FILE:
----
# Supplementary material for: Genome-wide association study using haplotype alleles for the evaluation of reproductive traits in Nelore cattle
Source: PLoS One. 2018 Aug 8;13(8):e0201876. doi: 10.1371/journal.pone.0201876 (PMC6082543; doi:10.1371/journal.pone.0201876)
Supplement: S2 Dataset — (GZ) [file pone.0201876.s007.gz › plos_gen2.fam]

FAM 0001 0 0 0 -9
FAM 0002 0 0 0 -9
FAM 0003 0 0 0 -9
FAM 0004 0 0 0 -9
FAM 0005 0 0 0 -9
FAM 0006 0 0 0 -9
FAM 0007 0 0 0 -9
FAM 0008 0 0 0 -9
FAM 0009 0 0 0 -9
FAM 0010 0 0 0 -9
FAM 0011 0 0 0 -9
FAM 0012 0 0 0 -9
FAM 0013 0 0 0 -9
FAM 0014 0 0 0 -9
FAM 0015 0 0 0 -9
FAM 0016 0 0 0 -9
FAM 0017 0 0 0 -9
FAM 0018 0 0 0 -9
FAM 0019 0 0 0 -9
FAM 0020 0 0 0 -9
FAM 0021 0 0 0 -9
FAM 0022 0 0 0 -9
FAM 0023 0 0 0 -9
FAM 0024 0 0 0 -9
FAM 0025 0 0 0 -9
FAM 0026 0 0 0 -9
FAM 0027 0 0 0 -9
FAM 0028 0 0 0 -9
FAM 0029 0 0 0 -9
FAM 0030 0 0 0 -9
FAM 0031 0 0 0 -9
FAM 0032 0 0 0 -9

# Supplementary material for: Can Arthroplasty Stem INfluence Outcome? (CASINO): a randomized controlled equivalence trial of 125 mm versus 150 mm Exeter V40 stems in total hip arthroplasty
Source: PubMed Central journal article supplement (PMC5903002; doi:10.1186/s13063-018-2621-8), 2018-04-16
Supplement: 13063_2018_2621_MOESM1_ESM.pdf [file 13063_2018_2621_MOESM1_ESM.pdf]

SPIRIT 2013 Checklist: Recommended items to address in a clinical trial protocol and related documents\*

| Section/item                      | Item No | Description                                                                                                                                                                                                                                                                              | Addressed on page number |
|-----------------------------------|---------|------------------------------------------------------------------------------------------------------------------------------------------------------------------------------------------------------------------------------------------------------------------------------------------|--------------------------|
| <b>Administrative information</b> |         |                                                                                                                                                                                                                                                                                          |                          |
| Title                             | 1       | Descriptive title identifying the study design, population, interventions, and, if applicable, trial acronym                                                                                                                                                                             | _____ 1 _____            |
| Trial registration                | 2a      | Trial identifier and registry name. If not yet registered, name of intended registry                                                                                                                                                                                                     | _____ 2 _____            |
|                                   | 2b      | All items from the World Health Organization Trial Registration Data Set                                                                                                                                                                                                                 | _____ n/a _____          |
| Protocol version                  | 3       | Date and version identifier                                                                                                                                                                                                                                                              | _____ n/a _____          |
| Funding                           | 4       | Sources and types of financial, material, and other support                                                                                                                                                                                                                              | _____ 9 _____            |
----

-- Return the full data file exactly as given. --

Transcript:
# Supplementary material for: Genome-wide association study using haplotype alleles for the evaluation of reproductive traits in Nelore cattle
Source: PLoS One. 2018 Aug 8;13(8):e0201876. doi: 10.1371/journal.pone.0201876 (PMC6082543; doi:10.1371/journal.pone.0201876)
Supplement: S2 Dataset — (GZ) [file pone.0201876.s007.gz › plos_gen2.fam]

FAM 0001 0 0 0 -9
FAM 0002 0 0 0 -9
FAM 0003 0 0 0 -9
FAM 0004 0 0 0 -9
FAM 0005 0 0 0 -9
FAM 0006 0 0 0 -9
FAM 0007 0 0 0 -9
FAM 0008 0 0 0 -9
FAM 0009 0 0 0 -9
FAM 0010 0 0 0 -9
FAM 0011 0 0 0 -9
FAM 0012 0 0 0 -9
FAM 0013 0 0 0 -9
FAM 0014 0 0 0 -9
FAM 0015 0 0 0 -9
FAM 0016 0 0 0 -9
FAM 0017 0 0 0 -9
FAM 0018 0 0 0 -9
FAM 0019 0 0 0 -9
FAM 0020 0 0 0 -9
FAM 0021 0 0 0 -9
FAM 0022 0 0 0 -9
FAM 0023 0 0 0 -9
FAM 0024 0 0 0 -9
FAM 0025 0 0 0 -9
FAM 0026 0 0 0 -9
FAM 0027 0 0 0 -9
FAM 0028 0 0 0 -9
FAM 0029 0 0 0 -9
FAM 0030 0 0 0 -9
FAM 0031 0 0 0 -9
FAM 0032 0 0 0 -9

# Supplementary material for: Can Arthroplasty Stem INfluence Outcome? (CASINO): a randomized controlled equivalence trial of 125 mm versus 150 mm Exeter V40 stems in total hip arthroplasty
Source: PubMed Central journal article supplement (PMC5903002; doi:10.1186/s13063-018-2621-8), 2018-04-16
Supplement: 13063_2018_2621_MOESM1_ESM.pdf [file 13063_2018_2621_MOESM1_ESM.pdf]

SPIRIT 2013 Checklist: Recommended items to address in a clinical trial protocol and related documents\*

| Section/item                      | Item No | Description                                                                                                                                                                                                                                                                              | Addressed on page number |
|-----------------------------------|---------|------------------------------------------------------------------------------------------------------------------------------------------------------------------------------------------------------------------------------------------------------------------------------------------|--------------------------|
| <b>Administrative information</b> |         |                                                                                                                                                                                                                                                                                          |                          |
| Title                             | 1       | Descriptive title identifying the study design, population, interventions, and, if applicable, trial acronym                                                                                                                                                                             | _____ 1 _____            |
| Trial registration                | 2a      | Trial identifier and registry name. If not yet registered, name of intended registry                                                                                                                                                                                                     | _____ 2 _____            |
|                                   | 2b      | All items from the World Health Organization Trial Registration Data Set                                                                                                                                                                                                                 | _____ n/a _____          |
| Protocol version                  | 3       | Date and version identifier                                                                                                                                                                                                                                                              | _____ n/a _____          |
| Funding                           | 4       | Sources and types of financial, material, and other support                                                                                                                                                                                                                              | _____ 9 _____            |